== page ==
(Copyright 2002. The Tattoo. All rights reserved.)

Making a permanent impression since 1994

-- Reporter's Notebook --

Sept. 30, 2002

A firsthand look inside ESPN

By T.J. O'Connor

Tattoo writer T.J. O'Connor behind the desk at ESPN's SportsCenter.

After years of watching ESPN every day from the confines of my living room, I got the chance recently to go behind the scenes and see what really goes on in there.

From the outside, the ESPN complex looked like a high security government building.

Not just anyone can enter the premises. Security guards check your ID at the gate. As a reporter, I was allowed inside and had access to areas normally closed to the public.

All of the buildings are locked up and there are guards behind every door. It’s pretty extreme for a sports broadcasting organization.

Inside the buildings are rooms and rooms of old footage that aired on ESPN, from the first SportsCenter show ever aired in 1979 to last week’s college football games.

I walked through hallways that served as branches to little rooms that looked like cockpits, with tons of monitors, hundreds of buttons and controller sticks.

As I headed towards the office rooms where most of the ESPN talent write their columns and prepare to go on air I passed Bob Ley, the host of "Outside The Lines."

(He’s actually a lot taller than he appears to be on television.)

In the office room NFL2Night’s Mark Malone was preparing for that night’s show. I also saw SportsCenter anchors Chris McKendry talking on the phone and Trey Wingo working on his computer. It was neat to see so many people at the same time up close that I see almost every day on TV.

On the "21st century" Sports Center set, I spoke one-on-one with SportsCenter stars Rich Eisen and Stuart Scott. Eisen was funnier in person than on television and Scott was as passionate in his opinions as he is when he is doing the show. I was talking to Scott about how overblown the incident in the Little League World Series was, when the player from the Bronx waved goodbye to a home run he hit as he rounded the bases. Eisen gave me his opinions on the Pacific 10 conference and told me how he started his career as a sports reporter.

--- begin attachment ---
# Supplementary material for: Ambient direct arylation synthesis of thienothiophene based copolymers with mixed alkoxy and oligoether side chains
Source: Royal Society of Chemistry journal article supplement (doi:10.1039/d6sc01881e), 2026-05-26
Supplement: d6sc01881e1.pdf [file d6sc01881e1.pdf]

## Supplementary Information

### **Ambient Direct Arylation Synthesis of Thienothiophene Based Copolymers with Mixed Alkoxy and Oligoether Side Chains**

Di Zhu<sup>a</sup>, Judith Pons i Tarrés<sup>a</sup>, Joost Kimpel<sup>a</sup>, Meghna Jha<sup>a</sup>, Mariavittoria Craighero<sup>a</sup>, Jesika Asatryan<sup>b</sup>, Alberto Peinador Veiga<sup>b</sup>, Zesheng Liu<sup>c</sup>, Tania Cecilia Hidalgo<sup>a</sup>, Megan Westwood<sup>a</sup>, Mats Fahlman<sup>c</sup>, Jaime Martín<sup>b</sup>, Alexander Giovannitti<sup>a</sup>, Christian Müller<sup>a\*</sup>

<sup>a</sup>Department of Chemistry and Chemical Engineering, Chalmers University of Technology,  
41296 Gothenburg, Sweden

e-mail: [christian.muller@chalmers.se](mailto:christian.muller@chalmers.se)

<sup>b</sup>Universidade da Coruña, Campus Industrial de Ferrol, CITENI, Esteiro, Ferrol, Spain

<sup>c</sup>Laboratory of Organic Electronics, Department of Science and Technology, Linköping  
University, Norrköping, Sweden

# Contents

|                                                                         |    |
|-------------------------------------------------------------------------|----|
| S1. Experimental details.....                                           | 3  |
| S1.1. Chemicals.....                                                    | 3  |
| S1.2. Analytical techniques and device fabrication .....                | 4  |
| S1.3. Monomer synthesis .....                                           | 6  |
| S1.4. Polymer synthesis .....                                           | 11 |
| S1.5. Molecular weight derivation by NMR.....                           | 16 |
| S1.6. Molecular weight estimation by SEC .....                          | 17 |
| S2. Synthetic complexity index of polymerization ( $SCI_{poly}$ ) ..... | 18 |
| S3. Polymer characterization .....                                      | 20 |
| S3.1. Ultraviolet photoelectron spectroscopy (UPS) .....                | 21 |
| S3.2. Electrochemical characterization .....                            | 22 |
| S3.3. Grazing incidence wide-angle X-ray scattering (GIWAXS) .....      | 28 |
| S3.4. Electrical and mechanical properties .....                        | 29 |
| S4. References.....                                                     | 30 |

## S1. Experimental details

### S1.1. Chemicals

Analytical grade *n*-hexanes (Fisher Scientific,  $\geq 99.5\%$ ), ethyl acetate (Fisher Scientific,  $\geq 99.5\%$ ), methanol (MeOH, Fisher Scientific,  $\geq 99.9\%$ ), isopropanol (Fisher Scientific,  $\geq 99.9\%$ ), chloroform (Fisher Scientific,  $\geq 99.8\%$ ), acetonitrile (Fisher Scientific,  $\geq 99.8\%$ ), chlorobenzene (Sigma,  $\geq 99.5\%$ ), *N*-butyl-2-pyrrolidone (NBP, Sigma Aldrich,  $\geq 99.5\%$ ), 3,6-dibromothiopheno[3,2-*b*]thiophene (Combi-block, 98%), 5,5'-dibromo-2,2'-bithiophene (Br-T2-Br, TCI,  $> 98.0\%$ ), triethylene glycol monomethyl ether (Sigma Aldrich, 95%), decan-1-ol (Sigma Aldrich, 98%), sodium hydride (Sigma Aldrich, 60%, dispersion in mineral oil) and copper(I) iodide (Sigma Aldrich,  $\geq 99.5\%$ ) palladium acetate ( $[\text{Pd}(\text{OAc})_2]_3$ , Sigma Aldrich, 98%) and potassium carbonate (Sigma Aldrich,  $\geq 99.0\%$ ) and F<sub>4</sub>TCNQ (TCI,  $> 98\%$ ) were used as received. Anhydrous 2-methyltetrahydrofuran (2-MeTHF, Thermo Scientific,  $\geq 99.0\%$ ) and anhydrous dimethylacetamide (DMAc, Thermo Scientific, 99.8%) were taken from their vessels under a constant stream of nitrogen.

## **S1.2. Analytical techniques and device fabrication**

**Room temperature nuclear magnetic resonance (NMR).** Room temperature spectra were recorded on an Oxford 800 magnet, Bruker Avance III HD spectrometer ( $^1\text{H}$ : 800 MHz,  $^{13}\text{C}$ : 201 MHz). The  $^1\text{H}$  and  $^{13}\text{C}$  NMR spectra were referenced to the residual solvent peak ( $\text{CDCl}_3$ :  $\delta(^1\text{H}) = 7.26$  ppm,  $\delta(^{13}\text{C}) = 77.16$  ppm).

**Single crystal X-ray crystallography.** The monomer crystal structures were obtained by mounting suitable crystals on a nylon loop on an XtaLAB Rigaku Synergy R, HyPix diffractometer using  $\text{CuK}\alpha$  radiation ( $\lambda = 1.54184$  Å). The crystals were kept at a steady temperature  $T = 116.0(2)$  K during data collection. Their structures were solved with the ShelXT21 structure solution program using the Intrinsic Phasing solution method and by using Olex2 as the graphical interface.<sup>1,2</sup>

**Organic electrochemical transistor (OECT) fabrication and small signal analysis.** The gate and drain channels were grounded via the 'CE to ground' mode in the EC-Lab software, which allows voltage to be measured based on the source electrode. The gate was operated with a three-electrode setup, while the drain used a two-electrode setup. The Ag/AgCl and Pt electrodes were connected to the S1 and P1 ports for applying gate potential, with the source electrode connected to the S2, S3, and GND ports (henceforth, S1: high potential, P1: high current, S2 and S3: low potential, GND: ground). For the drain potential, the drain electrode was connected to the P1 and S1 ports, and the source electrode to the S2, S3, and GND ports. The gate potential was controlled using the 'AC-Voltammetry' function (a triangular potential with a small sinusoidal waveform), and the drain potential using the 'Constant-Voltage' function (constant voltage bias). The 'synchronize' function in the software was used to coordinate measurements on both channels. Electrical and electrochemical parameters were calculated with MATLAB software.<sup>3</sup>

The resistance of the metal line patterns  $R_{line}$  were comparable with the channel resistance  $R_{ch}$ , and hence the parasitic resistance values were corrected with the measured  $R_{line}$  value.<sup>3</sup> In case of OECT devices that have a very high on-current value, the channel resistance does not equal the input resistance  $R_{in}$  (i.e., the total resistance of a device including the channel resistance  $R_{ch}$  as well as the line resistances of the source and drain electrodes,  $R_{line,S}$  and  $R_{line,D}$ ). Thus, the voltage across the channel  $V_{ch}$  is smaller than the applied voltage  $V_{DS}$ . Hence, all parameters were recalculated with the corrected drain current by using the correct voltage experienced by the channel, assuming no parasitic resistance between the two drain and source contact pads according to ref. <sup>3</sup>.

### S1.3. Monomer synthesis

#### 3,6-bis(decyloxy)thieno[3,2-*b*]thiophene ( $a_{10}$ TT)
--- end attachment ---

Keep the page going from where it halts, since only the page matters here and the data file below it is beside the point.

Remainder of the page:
When I walked into the SportsCenter set I was amazed at how large it was because on TV you only see a small portion of it.  I got a chance to try out the anchor’s chair behind the desk, too.

I went into the production rooms where they prepare for the shows hours before they air. The producers want to get everything perfect for SportsCenter. When I was in there they were working on the entrance of the SportsCenter logo at the beginning of the show.

That wasn’t the end of my time spent at this humungous sports world.

I was lucky enough to have dinner with College Gameday’s Lee Corso, Kirk Herbstreit and Chris Fowler.

This was the best part of my time at ESPN because for me, Gameday and Corso are my favorites.

Corso told me stories of how his car was struck by lightning while he was doing commentary for a Virginia Tech game.

As I sat at dinner talking college football with the man who had all the answers to my questions regarding the sport, I thought about my experience at ESPN and realized how far-reaching this place is.

Not just company’s sprawling Bristol campus, but the sheer number of people who watch the network and the sports fans who depend on ESPN to provide them with the information they crave.

My two days inside ESPN gave me a much greater appreciation for the work that goes on inside “The Worldwide Leader in Sports.”

See also:

ESPN's favorite viewers are teens

Behind the scenes at ESPN

Read more of T.J. O'Connor's On the ball


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